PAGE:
These may now be irrelevant. Former US prosecutor Michael Garcia, selected by Blatter, promises to tell us soon what we already know about the $100 million kickbacks from ISL to ExCo members and Blatter’s involvement. The governance reforms suggested by Swiss professor Mark Pieth, also appointed by Blatter and now mostly ignored, are fizzling out.
The FBI investigations, combined with endless corruption scandals in Brazil, threatens the success of next year’s World Cup. In November 2010 I revealed in a BBC Panorama programme that Ricardo Teixeira, boss of Brazilian football, a member of the FIFA ExCo and former son-in-law of Joao Havelange, had trousered at least $10 million in contract kickbacks at FIFA. Eventually, a year ago, he was forced out of FIFA and Brazilian football.
It gets worse. Teixeira’s successor at the Brazilian federation, José Maria Marin, is implicated in the murder by the military dictatorship in 1975 of a former BBC journalist. In recent days Brazilian media has obtained tapes of Marin discussing dirty deals in football. The new chair of the Congressional Sports and Tourism Committee, former footballer Romario, has called for Marin to be jailed. Brazilians are becoming restless at the FIFA ripoffs, expected to pay the vast bill for staging the World Cup while watching a record $5 billion profit disappear back to Zurich.
Sao Paulo cops, investigating the theft of confidential government information, raided the home of Marco Polo Del Nero, Teixeira’s successor at FIFA’s ExCo, in November. Del Nero, 70, claimed he was checking his 28- year-old model girlfriend Carolina Galan was not being unfaithful.
SINCE CHRISTMAS the bloggers of Trinidad have been shouting to the world that Daryan Warner, son of Jack, had been arrested at Miami airport carrying a bag of cash. Depending who you read, it started at $100,000 and escalated as high as $750,000. Some said that Jack’s other son, Daryl Warner was also detained. In early March the cautious mainstream Trinidad media, despite threats from Jack Warner, began publishing stories about „the son of a Cabinet member“ under arrest in Miami, accused of money laundering.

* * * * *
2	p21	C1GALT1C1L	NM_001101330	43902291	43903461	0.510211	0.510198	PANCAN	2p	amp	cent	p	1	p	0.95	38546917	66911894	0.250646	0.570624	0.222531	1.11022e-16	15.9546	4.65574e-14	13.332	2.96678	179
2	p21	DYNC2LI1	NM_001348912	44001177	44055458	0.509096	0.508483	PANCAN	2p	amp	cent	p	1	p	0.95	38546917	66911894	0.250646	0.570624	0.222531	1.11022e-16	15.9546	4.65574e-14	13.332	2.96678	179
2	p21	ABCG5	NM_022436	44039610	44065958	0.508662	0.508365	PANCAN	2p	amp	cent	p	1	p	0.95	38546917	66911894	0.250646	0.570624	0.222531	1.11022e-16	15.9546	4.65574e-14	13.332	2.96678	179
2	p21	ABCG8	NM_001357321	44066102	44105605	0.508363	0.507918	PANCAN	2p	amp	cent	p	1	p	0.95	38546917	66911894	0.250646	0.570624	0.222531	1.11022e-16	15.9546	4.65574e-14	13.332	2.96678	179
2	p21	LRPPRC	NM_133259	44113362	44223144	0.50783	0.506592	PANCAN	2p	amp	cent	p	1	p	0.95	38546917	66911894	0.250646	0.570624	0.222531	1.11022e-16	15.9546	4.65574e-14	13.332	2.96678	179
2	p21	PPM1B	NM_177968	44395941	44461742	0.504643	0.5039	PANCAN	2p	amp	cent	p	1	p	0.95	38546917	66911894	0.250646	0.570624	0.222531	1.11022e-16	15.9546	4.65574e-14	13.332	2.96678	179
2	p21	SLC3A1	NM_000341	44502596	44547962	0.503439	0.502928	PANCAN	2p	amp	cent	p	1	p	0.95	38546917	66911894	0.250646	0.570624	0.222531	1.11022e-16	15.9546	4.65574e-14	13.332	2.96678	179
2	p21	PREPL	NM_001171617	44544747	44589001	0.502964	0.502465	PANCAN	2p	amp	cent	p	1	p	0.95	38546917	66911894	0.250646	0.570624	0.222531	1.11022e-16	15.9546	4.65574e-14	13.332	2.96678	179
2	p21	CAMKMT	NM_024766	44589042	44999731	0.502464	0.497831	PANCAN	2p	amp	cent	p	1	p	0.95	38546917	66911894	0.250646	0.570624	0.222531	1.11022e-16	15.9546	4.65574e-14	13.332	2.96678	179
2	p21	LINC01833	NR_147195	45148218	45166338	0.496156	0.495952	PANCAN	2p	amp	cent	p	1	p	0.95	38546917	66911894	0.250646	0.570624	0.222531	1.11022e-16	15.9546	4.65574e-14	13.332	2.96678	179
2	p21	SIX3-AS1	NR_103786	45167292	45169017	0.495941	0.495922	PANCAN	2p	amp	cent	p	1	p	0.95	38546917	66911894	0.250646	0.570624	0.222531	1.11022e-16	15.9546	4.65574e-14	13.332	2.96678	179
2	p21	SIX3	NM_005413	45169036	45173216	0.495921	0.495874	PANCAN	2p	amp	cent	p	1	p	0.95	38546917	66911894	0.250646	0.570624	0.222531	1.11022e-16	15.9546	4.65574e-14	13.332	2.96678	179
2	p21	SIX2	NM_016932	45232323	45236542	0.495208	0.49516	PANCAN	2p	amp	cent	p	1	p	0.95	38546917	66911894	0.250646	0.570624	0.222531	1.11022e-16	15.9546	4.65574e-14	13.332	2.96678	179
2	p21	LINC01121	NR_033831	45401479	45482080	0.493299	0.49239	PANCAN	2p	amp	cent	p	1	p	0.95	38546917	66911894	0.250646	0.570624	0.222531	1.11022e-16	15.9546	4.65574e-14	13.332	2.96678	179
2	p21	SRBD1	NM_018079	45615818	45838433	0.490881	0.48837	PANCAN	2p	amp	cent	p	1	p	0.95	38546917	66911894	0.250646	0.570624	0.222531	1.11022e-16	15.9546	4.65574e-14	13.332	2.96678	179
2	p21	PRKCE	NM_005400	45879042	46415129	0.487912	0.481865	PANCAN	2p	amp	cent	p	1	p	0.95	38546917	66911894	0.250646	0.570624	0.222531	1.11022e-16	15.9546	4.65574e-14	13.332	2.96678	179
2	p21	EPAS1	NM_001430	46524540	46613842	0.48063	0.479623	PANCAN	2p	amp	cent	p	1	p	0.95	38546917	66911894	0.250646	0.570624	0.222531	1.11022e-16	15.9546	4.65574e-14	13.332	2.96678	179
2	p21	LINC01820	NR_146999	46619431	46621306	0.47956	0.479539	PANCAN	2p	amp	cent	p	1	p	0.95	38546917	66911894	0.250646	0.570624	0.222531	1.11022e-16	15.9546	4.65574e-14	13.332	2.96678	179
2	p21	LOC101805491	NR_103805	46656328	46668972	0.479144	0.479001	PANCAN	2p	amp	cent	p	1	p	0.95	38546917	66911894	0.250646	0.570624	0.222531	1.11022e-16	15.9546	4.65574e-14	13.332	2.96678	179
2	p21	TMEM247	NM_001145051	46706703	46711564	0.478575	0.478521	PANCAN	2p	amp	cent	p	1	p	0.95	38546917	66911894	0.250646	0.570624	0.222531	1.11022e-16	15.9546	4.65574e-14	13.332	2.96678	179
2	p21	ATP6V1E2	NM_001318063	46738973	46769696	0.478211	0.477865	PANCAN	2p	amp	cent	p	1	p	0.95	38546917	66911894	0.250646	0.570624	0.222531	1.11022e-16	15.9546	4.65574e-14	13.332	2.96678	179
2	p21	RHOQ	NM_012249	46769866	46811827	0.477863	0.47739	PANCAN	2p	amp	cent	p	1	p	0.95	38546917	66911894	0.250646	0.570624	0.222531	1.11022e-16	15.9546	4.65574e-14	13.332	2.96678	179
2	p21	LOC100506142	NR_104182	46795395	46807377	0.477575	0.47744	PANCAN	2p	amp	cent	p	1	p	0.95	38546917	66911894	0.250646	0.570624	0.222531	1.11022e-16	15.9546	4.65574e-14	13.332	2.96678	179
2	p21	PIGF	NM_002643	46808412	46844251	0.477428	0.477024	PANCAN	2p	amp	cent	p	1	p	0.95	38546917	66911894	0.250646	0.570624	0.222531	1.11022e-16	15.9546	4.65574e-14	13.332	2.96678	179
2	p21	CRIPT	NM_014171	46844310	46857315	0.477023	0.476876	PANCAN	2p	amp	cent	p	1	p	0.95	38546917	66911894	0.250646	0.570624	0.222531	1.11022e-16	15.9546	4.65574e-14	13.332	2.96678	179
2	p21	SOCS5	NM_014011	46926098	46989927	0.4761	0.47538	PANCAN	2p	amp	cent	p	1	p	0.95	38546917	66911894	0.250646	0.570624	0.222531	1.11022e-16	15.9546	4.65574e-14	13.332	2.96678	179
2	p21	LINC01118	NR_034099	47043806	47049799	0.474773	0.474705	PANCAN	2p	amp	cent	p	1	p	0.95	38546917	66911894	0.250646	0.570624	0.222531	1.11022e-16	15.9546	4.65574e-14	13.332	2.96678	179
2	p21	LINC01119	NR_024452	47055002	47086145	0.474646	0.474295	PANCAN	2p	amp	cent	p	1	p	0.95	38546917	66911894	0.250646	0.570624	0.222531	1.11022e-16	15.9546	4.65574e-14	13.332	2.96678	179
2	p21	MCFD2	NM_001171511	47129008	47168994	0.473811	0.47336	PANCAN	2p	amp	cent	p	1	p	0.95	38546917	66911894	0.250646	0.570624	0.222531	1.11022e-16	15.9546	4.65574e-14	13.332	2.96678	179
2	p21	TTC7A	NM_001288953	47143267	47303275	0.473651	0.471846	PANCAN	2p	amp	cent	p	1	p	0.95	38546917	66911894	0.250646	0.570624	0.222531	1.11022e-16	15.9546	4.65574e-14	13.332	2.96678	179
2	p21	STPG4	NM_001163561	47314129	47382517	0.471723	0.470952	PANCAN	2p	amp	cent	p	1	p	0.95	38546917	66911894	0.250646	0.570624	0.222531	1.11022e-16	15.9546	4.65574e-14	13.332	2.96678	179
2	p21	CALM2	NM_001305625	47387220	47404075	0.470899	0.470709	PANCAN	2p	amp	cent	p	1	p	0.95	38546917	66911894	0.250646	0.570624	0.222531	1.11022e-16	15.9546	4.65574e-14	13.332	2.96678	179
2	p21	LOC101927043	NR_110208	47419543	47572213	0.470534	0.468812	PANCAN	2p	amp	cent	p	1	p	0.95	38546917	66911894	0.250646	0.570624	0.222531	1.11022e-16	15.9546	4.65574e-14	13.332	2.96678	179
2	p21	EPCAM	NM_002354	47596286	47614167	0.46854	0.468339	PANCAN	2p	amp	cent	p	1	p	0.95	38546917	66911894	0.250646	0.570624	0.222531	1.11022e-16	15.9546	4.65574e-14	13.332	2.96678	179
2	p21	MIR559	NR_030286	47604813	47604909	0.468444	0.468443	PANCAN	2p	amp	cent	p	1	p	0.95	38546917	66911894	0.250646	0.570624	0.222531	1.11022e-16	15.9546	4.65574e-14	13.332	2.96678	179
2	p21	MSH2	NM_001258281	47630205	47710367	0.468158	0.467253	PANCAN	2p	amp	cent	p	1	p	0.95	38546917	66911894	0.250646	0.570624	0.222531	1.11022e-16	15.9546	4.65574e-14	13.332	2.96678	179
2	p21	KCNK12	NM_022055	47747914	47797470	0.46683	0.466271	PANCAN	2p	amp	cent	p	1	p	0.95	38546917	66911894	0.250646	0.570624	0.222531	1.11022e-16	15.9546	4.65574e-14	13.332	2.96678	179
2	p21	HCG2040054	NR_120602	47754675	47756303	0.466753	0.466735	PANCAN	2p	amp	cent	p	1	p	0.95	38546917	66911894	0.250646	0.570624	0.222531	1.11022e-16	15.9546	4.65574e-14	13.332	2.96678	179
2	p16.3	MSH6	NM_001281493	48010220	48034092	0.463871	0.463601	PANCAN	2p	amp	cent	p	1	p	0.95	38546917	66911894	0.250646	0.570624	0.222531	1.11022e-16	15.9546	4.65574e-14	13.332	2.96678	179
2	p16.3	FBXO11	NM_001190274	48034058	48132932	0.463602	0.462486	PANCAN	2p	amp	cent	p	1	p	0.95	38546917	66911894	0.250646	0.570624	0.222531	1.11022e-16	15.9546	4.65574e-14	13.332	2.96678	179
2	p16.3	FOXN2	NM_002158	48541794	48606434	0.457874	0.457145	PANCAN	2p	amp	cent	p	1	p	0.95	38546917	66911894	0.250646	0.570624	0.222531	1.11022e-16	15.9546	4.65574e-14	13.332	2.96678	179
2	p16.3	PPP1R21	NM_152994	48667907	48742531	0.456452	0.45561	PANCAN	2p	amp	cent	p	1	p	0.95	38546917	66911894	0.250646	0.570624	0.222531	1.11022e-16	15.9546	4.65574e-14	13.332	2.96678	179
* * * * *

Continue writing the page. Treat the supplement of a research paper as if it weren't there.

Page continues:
Now they are vindicated. One by-product of the scandal may be to terminate the increasingly absurd administration of Prime Minister Kamla Persad-Bissessar. Despite Warner hurriedly quitting FIFA ahead of corruption investigations she appointed him to take charge of the police (yes, really) and the army (Yes!) and has denied for weeks knowing about the arrest of Daryan.
Because Warner spent millions of dollars buying success at the polls for her UNC party Kamla has given him a free hand to persecute opponents and appoint incompetent loyalists to well-paid government jobs. The latest disclosures in corrupt Trinidad politics is that Warner has secretly created his own tax-payer funded squad of Ton Ton Macoutes.
If the Feds decide to extradite Warner they face a tough task. If he surrounds himself with cops and soldiers the squad that took out Bin Laden may be needed.
THE NEXT VICTIM of the FBI investigation may be the Financial Times (FT) newspaper. It runs business conferences and has just announced a „Business of Football Summit“ in Rio in June. Top of the bill will be FIFA president Blatter.
It will be embarrassing if Blatter turns up and equally bad if he is detained elsewhere. And it’s an altogether strange affair. In the shadows, available to FT clients, will be lurking a dark arts operative who boasts of hacking bank accounts and phones.
Organising the event for the FT at the Copacabana Palace hotel is Zurich-based company International Football Arena who stage footie conferences where uncritical reporters, club owners and potential sponsors pay to mingle with Blatter. His PR-man Peter Hargitay does the introductions and his son Stevie does meet ’n‘ greet at the front door.
On the FT conference website Stevie is listed as „Sponsorship contact.“ On his Twitter account Stevie describes himself as a „Cunning Linguist“ – whatever that means – and movie producer. The latest Hargitay epic, Chicks dig Gay Guys – with added artistic nudity – has been scheduled for release for the last two years. A screening may be part of the Rio entertainment. The movie message is, pretend to be a male homosexual and the „chicks“ strip off fast. The FT provides for every need.
Chairing the conference is FT Sports Correspondent Roger Blitz who has a once-in-a-lifetime opportunity to ask Keynote speaker Blatter to come clean about the FBI investigation and how $100 million in contract kickbacks from a marketing company was laundered through Liechtenstein to FIFA’s leaders.
On a more personal level, Blitz could inquire, did Blatter’s heart miss a beat on March 3, 1997 when he discovered a one million Swiss Francs bribe to Rio resident and former FIFA president Joao Havelange being laundered through a FIFA account?